Brexit chaos, an alleged $100 million bribe and pizza from Canada.
Amazon’s announcement last year that it was building a second headquarters (called HQ2) in the United States had cities scrambling to offer the best deal.
Cities offered “their own employees’ income taxes, free land, and even a partial surrender of community control,” according to CityLab.
In pursuit of a high-tech office and the thousands of white-collar jobs that come along with it, some cities are willing to sweeten the pot to the point that it’s basically pure sugar. But is it worth it?
As Vice reports, Amazon has a history of building its fortunes with help from government giveaways.
When Amazon has set up outposts in cities across the U.S in the past, (like other large corporations) it’s often received astronomical economic incentives from local governments. The retail giant received at least $613 million in public subsidies for warehouses it built from 2005 to 2014, according to a 2016 report published by the Institute for Local Self-Reliance, a research group that advocates for local solutions for community development. The company raked in another $147 million in subsidies for its data centers during the same period, the report found.
And HQ2 may not be the gift some cities are hoping for. In Washington, D.C., there are concerns that Amazon could make an already expensive city even costlier to live in. Big tech can drive big gentrification. In Washington state (home of HQ1), officials are learning how hard this can be to undo.
To help alleviate its shortage of affordable housing [in Seattle], several city council members proposed a 26-cent tax for each working hour at companies with more than $20 million in annual revenue — the largest impact of which would fall on Amazon, with its 45,000 local employees.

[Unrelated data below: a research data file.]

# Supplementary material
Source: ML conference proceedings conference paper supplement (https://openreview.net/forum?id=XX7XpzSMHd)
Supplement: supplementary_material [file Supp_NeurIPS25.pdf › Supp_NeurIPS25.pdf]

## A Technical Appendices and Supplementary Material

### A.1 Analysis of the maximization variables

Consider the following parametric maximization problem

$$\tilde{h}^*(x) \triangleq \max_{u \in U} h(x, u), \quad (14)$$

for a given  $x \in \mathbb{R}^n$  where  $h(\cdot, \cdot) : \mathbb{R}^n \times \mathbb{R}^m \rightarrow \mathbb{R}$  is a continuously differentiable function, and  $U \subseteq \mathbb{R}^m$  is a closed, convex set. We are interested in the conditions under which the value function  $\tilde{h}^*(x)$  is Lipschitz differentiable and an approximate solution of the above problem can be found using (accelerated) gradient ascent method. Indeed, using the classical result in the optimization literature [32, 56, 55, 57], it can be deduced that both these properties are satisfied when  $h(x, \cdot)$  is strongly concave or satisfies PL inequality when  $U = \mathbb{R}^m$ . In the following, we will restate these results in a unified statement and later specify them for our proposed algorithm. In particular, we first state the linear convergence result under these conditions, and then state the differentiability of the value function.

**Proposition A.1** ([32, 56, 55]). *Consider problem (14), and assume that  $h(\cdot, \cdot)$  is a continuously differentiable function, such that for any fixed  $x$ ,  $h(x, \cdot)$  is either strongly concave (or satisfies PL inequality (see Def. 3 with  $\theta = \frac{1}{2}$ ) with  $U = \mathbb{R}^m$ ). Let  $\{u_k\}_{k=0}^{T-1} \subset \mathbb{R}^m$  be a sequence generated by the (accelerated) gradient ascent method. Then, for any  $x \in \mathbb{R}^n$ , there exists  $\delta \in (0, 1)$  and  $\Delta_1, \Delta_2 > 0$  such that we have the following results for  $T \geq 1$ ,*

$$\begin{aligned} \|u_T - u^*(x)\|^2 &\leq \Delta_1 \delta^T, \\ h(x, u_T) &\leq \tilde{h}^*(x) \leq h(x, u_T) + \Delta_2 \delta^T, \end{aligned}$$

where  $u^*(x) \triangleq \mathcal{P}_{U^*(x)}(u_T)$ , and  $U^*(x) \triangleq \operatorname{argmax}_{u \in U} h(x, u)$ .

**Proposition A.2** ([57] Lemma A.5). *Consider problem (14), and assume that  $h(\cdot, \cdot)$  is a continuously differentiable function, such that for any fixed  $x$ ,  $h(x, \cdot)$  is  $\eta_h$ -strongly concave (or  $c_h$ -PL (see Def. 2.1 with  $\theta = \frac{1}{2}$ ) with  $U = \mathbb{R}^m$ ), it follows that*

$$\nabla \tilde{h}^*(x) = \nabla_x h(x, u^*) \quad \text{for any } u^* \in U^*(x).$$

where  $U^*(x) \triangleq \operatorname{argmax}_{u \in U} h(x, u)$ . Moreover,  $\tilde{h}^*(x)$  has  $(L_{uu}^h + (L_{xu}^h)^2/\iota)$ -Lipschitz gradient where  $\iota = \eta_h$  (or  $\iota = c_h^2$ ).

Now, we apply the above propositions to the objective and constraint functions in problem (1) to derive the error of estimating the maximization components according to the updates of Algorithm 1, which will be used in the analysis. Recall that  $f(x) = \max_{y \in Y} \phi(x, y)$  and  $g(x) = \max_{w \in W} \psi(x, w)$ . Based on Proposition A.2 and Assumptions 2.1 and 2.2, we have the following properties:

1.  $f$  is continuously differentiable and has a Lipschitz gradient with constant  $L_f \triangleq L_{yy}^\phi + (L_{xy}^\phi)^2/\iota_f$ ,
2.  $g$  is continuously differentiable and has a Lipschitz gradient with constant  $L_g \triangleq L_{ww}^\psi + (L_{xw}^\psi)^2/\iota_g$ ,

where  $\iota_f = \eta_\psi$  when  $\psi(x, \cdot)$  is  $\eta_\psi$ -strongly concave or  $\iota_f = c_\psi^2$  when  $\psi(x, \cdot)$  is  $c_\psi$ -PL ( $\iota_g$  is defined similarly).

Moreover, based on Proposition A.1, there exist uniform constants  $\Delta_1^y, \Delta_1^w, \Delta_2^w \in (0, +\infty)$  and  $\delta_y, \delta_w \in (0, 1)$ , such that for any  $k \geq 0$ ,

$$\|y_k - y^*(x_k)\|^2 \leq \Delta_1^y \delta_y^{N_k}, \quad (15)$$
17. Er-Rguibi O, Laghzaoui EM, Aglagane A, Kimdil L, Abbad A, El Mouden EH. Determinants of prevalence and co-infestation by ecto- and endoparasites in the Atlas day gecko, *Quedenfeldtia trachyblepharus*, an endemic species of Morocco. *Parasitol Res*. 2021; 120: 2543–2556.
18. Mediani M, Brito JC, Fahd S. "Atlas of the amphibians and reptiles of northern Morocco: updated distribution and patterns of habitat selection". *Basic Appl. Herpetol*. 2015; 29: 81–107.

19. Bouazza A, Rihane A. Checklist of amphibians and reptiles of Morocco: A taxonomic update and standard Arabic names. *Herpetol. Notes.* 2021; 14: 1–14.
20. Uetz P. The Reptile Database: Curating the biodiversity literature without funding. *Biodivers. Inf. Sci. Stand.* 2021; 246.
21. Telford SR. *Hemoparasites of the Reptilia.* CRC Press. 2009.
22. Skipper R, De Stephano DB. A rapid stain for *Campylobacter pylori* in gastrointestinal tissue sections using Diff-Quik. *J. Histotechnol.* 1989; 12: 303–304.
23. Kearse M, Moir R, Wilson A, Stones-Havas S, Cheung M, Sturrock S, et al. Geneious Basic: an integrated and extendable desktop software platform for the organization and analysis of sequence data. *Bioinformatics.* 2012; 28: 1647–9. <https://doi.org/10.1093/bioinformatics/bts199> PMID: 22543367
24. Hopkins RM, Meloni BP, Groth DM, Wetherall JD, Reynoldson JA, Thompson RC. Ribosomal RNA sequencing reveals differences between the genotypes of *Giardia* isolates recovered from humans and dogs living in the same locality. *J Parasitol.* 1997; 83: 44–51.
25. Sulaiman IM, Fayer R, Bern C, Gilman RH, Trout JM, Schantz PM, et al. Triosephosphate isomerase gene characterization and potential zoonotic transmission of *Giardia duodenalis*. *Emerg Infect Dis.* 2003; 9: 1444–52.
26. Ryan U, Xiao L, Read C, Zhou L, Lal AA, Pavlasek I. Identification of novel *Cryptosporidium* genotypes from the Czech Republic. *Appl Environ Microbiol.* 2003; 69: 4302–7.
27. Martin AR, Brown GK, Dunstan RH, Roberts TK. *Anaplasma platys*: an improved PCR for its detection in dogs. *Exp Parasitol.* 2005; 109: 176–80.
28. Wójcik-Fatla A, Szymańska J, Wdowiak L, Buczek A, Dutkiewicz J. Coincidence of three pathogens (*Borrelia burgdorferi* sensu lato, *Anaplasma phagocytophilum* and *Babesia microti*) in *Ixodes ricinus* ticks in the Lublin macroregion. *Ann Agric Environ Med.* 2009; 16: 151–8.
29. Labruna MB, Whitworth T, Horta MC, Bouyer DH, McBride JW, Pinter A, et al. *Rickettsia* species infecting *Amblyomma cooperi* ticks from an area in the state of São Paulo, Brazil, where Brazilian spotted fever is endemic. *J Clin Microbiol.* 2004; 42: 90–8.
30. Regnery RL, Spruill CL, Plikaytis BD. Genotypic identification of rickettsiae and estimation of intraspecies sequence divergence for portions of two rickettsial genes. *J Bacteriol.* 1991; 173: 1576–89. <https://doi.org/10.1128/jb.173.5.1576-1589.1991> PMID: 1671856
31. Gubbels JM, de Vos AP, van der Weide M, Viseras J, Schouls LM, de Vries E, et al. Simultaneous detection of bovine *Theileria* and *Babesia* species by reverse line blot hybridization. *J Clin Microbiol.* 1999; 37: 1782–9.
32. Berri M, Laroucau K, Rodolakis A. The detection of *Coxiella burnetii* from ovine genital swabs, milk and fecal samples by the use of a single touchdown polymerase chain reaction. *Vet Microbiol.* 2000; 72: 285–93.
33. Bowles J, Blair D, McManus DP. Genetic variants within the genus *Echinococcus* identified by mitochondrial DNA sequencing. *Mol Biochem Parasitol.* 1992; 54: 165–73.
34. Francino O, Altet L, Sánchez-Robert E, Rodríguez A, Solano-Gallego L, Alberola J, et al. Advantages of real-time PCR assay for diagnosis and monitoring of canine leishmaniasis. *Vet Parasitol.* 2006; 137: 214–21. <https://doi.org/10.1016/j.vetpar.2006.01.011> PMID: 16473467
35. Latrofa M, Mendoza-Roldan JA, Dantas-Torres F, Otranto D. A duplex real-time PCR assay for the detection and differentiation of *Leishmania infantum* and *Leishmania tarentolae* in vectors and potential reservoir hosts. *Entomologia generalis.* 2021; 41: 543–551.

Amazon took exception to the proposal, saying that it would pause construction planning on a new skyscraper downtown and might sublease space in another that’s already being built.
Although Amazon has taken some steps to help ease the city’s homelessness problem, such as donating space to shelter 200 homeless people in one of its new buildings and additional $40 million to a city-managed fund for affordable housing, the measure’s backers took Amazon’s move as an ominous sign.
Cities and states have been using offers of tax breaks or discount land to lure corporations for years.
Is it worth it?
- Reid Wilson National correspondent, The Hill; author of a new book, "Epidemic: Ebola and the Global Scramble to Prevent the Next Killer Outbreak" @PoliticsReid
- Carolyn Adolph Reporter, KUOW; co-host, "Prime(d)"; @carolynadolph
- Greg LeRoy Founder and executive director, Good Jobs First; @GregLeRoy4
- Rich Fitzgerald County executive, Allegheny County, Pennsylvania; @ACE_Fitzgerald
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